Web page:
Where is Kamala Harris on Police Reform?

Kamala Harris speaking at a podium

For years, Kamala Harris proudly boasted she was California’s “top cop.”

She touted that reputation at the last Democratic National Convention, telling a New York delegation breakfast: “I now stand before you as the top cop of the biggest state in the country.”

In 2020, Harris could be attending the next Democratic convention as its vice presidential nominee — and as one of its top cop reformers.

The California senator’s current role makes many law enforcement officials, as well as some Black activists, question whether she’s evolved with the times or is taking advantage of a political opportunity.

“She’s definitely changed her positions and her thought processes about how the country’s being policed,” said Rudy Perez, vice president of the California Coalition of Law Enforcement Associations, which represents 130,000 people.

In the Black community, there’s also some wariness about where Harris’ true political soul lies.

“Kamala’s relationship with law enforcement is, as they say, complicated,” said Steve Phillips, host of “Democracy in Color with Steve Phillips,” a “color-conscious” podcast on politics.

“For better or worse, for her entire career she very much built her brand and defined herself as a law enforcement officer,” said Phillips, who has been urging presumptive Democratic presidential nominee Joe Biden to pick former Georgia House Minority Leader Stacey Abrams as his running mate.

Harris does win praise for her views over the years from some law enforcement watchdogs.

“Sen. Harris takes a realistic approach to what problems she can solve from the position she is in. That will look to some as if she has changed positions.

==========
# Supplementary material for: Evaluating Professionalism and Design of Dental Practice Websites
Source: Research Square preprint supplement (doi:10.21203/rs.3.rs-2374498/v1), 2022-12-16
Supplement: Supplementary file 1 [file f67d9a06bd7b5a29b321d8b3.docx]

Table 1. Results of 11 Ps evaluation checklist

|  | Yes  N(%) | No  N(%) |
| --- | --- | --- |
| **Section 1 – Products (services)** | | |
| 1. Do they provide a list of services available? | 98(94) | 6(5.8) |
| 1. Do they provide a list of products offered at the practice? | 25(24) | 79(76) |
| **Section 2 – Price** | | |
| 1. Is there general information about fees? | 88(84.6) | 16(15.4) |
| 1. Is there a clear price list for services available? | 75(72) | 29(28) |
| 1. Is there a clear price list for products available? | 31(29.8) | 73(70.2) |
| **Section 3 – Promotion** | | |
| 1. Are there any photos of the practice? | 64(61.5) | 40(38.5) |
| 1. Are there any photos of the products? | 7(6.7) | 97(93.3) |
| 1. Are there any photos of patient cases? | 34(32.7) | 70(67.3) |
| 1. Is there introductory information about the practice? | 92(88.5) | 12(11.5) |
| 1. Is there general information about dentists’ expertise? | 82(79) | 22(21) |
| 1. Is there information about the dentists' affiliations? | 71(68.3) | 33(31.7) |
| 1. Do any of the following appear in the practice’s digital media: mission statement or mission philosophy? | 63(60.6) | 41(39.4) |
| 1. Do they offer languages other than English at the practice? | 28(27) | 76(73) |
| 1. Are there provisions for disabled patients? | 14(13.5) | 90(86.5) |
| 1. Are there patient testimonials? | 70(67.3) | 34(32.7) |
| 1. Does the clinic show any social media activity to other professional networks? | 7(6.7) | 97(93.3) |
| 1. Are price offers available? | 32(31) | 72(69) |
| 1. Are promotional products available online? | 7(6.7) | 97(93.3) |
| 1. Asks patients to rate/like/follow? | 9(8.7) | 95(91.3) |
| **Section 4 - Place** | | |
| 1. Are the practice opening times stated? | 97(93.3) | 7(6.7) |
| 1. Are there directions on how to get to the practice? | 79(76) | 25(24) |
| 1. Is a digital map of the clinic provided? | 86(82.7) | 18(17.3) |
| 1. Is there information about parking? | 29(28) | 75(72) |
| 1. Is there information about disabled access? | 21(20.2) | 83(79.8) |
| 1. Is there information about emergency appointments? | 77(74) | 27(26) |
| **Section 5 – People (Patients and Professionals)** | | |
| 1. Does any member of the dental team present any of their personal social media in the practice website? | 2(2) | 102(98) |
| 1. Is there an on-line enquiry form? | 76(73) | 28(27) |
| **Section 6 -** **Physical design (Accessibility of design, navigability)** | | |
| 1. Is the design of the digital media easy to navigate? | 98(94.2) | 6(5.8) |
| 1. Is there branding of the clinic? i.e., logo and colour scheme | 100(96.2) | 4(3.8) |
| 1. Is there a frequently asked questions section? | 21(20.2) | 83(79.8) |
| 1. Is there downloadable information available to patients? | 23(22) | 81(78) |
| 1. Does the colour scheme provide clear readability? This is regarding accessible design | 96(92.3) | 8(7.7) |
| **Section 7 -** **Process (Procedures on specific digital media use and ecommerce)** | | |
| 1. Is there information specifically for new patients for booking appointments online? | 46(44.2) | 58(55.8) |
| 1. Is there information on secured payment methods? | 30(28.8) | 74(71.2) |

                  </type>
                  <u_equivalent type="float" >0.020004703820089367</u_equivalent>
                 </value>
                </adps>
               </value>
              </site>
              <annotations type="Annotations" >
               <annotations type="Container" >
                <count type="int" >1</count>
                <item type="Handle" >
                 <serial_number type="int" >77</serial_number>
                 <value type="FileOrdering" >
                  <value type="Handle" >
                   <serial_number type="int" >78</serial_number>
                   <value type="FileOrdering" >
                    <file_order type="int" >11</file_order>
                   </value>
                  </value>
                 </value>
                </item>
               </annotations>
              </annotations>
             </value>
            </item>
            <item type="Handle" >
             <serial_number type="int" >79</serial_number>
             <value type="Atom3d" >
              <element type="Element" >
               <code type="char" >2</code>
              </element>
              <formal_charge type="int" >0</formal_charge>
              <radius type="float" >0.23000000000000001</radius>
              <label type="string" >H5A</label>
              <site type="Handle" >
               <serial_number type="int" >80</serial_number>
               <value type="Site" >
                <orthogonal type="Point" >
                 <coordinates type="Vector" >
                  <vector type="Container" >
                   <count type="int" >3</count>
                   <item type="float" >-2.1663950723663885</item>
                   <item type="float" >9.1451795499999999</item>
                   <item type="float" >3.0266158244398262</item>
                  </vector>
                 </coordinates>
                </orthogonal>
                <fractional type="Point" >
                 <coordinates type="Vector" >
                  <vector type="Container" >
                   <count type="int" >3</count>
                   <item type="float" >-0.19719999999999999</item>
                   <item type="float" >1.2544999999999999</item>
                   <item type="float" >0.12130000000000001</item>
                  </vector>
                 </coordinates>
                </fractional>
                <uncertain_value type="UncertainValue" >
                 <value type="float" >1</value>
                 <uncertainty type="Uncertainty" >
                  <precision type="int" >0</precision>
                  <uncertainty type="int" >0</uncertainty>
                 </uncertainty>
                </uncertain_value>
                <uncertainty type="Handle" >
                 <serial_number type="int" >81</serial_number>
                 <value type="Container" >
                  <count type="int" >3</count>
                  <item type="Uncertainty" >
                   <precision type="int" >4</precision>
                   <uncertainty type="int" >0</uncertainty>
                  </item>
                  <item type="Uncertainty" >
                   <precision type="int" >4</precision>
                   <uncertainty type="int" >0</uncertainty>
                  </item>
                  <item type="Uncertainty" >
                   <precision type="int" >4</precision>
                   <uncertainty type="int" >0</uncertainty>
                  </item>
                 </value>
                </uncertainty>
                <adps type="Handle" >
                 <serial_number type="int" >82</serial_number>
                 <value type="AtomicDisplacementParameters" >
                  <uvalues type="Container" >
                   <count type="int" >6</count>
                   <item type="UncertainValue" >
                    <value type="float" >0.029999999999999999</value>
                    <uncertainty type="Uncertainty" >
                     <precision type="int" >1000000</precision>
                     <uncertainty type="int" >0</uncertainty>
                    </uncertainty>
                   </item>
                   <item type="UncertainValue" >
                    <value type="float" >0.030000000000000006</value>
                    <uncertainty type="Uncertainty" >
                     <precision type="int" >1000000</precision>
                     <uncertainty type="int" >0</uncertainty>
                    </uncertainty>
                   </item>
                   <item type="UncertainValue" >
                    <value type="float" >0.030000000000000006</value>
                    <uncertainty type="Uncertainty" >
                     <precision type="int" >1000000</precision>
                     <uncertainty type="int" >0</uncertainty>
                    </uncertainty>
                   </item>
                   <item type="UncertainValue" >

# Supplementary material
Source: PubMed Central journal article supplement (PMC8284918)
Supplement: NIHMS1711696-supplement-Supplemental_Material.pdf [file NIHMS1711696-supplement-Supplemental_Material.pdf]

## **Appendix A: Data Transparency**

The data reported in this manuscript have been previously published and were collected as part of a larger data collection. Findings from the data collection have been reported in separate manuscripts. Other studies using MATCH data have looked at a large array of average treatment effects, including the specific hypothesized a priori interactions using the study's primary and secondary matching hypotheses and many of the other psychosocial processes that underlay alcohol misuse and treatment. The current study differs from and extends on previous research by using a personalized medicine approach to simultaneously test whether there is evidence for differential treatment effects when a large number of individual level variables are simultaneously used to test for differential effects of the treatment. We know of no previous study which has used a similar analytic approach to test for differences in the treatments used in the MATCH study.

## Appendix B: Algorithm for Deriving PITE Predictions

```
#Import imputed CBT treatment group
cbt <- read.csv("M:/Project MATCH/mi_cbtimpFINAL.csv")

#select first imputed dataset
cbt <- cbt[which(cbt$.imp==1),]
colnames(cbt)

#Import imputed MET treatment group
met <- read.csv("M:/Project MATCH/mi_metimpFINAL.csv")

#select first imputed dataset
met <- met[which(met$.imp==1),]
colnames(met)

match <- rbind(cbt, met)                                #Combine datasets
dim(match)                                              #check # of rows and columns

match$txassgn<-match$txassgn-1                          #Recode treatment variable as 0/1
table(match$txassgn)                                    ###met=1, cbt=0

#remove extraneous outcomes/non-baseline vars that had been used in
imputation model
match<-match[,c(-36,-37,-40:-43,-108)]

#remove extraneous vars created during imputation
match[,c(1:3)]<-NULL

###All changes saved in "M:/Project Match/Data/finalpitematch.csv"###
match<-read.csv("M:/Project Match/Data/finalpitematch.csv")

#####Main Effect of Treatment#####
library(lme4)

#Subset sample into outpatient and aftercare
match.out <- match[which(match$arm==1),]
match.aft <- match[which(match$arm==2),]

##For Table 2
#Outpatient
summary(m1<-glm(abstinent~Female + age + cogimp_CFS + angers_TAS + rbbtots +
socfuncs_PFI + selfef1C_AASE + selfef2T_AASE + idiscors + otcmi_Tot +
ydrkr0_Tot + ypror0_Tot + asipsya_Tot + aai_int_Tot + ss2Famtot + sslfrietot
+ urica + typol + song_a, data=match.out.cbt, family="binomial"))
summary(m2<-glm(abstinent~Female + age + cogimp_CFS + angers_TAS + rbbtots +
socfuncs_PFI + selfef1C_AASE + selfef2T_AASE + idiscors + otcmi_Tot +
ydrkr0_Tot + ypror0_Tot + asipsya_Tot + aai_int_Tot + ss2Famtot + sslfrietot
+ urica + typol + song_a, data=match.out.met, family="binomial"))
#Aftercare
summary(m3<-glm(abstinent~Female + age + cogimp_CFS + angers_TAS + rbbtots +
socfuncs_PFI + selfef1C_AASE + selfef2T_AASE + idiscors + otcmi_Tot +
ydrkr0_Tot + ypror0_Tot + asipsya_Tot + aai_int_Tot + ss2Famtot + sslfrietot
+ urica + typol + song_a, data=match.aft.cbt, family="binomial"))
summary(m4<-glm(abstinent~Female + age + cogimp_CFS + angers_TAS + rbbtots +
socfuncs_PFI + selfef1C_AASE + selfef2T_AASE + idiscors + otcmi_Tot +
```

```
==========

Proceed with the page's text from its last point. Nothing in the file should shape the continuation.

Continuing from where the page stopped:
“I think it is more accurate to say she has adjusted tactics as she listens to those who disagree with her and her ability to effect change evolves,” said Phillip Atiba Goff, co-founder and CEO of the New York City-based Center for Policy Equity, which aims to identify and reduce racial disparities in law enforcement.

Biden is expected to announce his vice presidential choice around Aug. 1, and has said he will pick a woman. He is under pressure from many Democrats to pick a woman of color.

Harris, the daughter of Indian and Jamaican immigrants, is regarded as a front-runner, partly because she’s won three statewide races in the nation’s largest state.

She’s been highly visible as a crusader for criminal justice reform as a senator, particularly since the May 25 death in Minneapolis of George Floyd while in police custody. Harris has been a constant presence on television, social media and in Congress battling for significant criminal justice reforms.

Critics maintain her tone has changed over the years when discussing criminal justice reform.

In her 2010 book, “Smart on Crime,” she wrote, “If we take a show of hands of those who would like to see more police officers on the street, mine would shoot up. A more visible and strategic police presence is a deterrent to crime, and it has a positive impact on a community.”